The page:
extroverts, people who enjoy the company of others, reported watching situation
comedies for information. What type of information do these shows provide? It
is possible to speculate that the information provided is social information and
audiences use this information to self-enhance. Future studies could determine
if humor provides the viewing audience with opportunities to engage in downward
comparisons and ease insecurities by making downward comparisons with somebody
else's misfortune, frustration, and imperfections. That, according to media
analysts and other researchers, is the basic fact of humor: it's not funny, they
say, unless "the humor is conducted at someone else's expense" (Wills, 1981, p.
263). Therefore, it is suggested that future mass media research explore the
notion that situation comedies elicit social comparisons and assess the impact
of this media vehicle on self-evaluation and subjective well-being. Research in
this area could determine if humor helps to ease insecurities by allowing people
to make downward comparisons with comedic content (i.e. comedy shows, situation
comedies, etc.) or shows that poke fun at a worse off other or someone less
fortunate and less perfect.
TV Soap Operas
Frisby (1995) conducted a study on the relationship among five personality
traits and gratifications obtained from watching TV programs. The study
revealed that introverts, individuals who described themselves as shy and
reserved, reported watching daytime soap operas for information. What type of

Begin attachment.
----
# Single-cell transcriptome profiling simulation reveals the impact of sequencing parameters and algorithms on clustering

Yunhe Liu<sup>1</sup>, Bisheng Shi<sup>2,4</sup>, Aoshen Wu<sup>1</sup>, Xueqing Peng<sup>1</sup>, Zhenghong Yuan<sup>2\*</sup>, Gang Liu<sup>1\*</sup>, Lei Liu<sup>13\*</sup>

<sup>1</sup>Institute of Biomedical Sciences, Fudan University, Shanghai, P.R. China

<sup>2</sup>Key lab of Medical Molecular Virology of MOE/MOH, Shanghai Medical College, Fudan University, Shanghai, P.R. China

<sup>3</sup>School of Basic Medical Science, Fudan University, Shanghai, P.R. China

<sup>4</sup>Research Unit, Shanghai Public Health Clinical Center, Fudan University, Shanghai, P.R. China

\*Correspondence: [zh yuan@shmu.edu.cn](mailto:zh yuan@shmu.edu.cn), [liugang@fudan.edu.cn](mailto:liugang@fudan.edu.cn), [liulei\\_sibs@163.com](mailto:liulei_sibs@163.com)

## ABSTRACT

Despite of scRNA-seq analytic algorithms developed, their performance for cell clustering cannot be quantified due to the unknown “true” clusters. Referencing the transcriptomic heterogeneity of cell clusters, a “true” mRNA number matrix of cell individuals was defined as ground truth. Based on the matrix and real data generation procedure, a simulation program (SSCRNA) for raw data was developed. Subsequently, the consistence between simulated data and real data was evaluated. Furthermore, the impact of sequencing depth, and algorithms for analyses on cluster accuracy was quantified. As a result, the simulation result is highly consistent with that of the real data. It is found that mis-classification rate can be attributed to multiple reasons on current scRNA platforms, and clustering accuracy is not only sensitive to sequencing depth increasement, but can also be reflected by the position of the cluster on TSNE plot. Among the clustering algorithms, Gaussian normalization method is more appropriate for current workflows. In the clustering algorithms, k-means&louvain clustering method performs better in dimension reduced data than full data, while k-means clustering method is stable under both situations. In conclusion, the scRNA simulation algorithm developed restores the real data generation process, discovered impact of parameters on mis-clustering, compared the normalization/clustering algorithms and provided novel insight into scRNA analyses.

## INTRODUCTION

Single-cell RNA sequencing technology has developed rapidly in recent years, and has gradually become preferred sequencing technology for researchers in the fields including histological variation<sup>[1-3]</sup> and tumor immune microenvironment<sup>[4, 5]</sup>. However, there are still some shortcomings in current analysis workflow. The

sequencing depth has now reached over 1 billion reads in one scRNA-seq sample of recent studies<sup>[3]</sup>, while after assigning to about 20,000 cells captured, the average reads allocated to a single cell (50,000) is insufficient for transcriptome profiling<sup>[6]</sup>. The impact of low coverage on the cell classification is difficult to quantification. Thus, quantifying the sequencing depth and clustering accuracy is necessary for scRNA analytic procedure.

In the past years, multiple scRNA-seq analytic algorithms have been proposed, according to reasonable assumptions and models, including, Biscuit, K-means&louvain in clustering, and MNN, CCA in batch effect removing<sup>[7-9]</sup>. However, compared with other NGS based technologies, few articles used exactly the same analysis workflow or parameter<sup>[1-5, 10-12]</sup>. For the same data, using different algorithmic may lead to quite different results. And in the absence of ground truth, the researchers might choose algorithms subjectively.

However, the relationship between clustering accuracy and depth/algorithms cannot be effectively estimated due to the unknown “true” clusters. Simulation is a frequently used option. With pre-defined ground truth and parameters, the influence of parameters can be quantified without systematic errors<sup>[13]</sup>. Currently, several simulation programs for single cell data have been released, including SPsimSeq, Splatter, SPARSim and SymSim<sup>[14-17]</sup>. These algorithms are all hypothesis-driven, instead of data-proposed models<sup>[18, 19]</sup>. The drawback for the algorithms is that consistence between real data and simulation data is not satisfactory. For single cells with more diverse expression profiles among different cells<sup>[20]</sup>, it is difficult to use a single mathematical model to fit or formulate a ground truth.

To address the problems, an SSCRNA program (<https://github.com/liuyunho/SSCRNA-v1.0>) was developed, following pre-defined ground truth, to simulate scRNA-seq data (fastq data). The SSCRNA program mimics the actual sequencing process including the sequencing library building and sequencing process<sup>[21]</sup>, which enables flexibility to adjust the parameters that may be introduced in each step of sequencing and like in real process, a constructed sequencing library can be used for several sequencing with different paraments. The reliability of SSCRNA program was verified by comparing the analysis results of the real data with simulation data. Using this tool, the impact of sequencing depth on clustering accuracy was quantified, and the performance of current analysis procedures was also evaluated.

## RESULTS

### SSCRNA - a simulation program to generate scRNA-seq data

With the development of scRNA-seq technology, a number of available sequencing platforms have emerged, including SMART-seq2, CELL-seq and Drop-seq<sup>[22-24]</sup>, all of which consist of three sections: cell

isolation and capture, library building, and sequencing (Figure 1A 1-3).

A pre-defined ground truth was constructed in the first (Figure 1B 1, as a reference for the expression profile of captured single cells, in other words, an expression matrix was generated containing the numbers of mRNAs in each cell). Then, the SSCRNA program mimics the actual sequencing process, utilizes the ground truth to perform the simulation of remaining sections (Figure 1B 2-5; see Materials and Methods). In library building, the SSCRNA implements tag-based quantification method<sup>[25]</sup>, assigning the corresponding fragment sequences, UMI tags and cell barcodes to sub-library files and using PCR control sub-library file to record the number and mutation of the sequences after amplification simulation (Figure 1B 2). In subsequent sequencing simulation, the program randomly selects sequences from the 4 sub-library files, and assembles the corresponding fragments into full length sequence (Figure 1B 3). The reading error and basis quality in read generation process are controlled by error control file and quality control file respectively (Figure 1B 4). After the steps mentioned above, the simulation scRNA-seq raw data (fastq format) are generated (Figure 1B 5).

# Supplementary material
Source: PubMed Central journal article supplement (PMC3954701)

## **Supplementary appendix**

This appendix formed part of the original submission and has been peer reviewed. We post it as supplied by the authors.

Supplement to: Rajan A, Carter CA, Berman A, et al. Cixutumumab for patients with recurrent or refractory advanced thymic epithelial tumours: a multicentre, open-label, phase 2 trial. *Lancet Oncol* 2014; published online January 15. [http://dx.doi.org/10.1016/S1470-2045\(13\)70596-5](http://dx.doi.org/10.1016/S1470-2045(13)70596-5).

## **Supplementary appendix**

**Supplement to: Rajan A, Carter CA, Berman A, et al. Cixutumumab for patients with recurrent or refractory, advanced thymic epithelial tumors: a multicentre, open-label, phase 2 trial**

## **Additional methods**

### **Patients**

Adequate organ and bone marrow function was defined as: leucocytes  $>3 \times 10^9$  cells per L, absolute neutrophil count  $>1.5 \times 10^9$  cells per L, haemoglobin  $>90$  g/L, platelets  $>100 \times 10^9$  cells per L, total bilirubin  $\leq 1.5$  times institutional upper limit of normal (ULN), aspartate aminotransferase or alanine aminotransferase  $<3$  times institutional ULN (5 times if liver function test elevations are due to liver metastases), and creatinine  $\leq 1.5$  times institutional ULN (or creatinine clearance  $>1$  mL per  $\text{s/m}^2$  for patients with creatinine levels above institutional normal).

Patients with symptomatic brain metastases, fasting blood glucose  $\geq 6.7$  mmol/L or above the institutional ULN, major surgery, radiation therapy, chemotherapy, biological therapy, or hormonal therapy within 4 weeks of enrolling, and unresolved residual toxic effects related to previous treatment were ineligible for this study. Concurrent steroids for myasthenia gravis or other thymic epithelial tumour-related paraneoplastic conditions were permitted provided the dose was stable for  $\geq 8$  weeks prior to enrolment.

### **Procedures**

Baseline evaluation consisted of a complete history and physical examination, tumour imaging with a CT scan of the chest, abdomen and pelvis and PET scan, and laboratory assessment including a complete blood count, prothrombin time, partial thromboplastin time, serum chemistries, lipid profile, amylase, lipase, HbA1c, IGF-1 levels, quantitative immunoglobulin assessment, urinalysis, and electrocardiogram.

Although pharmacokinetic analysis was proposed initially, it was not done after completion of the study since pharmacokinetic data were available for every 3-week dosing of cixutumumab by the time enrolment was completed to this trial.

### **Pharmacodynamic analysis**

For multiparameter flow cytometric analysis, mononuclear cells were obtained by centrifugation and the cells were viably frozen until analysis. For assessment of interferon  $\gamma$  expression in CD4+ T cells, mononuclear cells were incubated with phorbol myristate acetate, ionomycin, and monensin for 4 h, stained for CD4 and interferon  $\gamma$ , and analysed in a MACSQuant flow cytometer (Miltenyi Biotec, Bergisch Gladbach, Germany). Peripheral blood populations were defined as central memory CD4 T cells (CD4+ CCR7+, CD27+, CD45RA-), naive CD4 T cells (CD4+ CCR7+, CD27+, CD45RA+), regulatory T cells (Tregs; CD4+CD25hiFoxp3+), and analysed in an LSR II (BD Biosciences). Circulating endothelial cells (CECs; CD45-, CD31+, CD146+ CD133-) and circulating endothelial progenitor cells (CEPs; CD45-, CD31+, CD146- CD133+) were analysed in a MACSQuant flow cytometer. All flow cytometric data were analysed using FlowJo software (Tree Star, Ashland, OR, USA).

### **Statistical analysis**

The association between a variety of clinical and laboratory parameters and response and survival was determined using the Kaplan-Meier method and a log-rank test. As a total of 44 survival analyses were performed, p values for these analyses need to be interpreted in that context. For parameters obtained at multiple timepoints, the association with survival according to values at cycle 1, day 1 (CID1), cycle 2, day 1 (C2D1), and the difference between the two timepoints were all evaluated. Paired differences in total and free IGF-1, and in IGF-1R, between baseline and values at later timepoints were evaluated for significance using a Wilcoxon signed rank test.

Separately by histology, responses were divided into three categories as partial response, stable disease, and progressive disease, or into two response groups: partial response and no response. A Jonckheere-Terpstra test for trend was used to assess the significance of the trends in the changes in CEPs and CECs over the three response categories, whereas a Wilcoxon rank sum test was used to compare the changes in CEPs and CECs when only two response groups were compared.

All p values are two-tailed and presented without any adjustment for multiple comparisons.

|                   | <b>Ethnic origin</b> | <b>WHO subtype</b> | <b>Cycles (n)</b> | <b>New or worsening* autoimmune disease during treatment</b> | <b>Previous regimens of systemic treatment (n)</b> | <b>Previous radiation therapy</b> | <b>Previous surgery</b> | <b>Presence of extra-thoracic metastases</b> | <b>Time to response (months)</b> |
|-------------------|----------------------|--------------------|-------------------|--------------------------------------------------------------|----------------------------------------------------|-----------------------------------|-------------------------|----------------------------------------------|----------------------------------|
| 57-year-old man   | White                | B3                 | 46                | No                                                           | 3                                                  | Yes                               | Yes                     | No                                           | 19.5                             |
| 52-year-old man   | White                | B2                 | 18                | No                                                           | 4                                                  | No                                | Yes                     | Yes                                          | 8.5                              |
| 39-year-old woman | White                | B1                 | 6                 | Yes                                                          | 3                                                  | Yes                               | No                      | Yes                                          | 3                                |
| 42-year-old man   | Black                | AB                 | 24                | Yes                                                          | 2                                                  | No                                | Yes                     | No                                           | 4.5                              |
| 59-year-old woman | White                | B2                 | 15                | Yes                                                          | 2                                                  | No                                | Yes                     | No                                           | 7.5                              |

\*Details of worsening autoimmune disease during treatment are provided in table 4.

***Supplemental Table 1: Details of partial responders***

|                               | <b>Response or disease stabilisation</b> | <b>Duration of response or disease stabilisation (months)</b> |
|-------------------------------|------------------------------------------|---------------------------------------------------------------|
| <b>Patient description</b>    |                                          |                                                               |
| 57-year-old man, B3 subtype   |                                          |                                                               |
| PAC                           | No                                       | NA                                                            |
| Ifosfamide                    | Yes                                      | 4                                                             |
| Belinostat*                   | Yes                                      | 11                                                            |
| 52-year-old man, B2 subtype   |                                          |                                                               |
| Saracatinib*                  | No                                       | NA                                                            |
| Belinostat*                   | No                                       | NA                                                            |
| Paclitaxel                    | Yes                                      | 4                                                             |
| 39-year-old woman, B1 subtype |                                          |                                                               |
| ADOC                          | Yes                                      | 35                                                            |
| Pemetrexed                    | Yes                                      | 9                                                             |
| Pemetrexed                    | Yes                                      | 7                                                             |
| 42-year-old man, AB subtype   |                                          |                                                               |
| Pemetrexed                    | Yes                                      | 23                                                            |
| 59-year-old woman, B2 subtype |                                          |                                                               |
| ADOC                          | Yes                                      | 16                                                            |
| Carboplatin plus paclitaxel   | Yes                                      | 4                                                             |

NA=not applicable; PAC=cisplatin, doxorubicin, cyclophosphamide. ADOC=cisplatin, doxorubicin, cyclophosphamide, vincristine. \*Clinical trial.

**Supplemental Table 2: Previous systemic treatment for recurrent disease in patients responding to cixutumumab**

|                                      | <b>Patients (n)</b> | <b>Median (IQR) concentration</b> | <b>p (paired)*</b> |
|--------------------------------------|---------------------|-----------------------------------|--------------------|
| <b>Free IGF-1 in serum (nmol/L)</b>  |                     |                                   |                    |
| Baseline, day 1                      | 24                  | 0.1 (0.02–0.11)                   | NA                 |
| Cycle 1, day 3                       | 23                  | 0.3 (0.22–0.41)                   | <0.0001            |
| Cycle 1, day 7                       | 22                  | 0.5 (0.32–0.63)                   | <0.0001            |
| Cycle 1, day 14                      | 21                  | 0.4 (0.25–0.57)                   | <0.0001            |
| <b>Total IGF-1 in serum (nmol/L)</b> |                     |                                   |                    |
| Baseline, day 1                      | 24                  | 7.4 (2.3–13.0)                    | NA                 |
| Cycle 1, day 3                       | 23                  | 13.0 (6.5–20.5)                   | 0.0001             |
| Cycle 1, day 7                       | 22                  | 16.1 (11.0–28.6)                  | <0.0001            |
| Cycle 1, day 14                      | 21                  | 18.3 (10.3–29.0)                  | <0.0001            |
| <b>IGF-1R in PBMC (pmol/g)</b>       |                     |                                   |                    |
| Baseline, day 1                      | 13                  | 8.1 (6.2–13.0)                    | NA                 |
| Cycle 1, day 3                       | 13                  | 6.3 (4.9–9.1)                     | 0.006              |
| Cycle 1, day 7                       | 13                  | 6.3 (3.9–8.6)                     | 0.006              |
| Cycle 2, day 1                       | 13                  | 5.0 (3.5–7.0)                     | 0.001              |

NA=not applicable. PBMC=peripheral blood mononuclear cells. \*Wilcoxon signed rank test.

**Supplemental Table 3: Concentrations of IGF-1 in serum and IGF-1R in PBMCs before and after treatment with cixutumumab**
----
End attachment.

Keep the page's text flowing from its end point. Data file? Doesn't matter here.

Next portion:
information are viewers getting from TV soap operas? A reviewer of the paper
offered an explanation for this finding: Some viewers, particularly introverts,
might use the information obtained from watching soap operas to change or
overcome interpersonal communication problems. Future research could determine
if media images and characters on TV soap operas serve as role models and if
these comparison targets teach or motivate individuals to overcome particular
problems (i.e. fashion or styles, conflicts in interpersonal relationships,
Future research could assess the particular comparison dimensions (i.e.,
personality, physical appearance, intelligence, career, etc) and other
informational cues viewers rely on when cognitively elaborating the social
information and media image. Research might then determine if self-improvement
is the main effect of this type of social comparison. Thus, research on this
topic could answer the question: do media images portrayed and depicted on TV
soap operas motivate individuals to do better and solve personal problems?
Social Comparison and Other Media Vehicles
Why do people read "The National Inquirer," "The Globe," or "The Star?"
Do people read these "trashy magazines" because they make them feel better about
their self-perceptions and their own life situations? Or does it make them feel
better to see similar others fail and face tragedies? Does reading about
another Elvis sighting by a local resident, for example, make an audience member
say, "And I thought I was abnormal, at least I haven't claimed to see Elvis!"
In light of the Princess Diana tragedy, social comparison theory might be a
useful theory to explain motivation to read and audience fascination with
tabloid media. In a related study on TV talk shows, Frisby (1998) found that
viewers experienced a significant boost in mood after witnessing shows that
focused on the misfortunes of another person. The Frisby (1998) study and
others employing social comparison theory and research should provide some
insights into explaining why consumers are attracted to other "trash" or tabloid
programs: viewers feel better about themselves and their life circumstances
after watching a worse off other. As far as practical applications, social
comparison theory, in this sense, might be employed to shed some understanding
of the underlying psychological gratifications obtained from reading The
National Enquirer and other tabloids. Future research could determine whether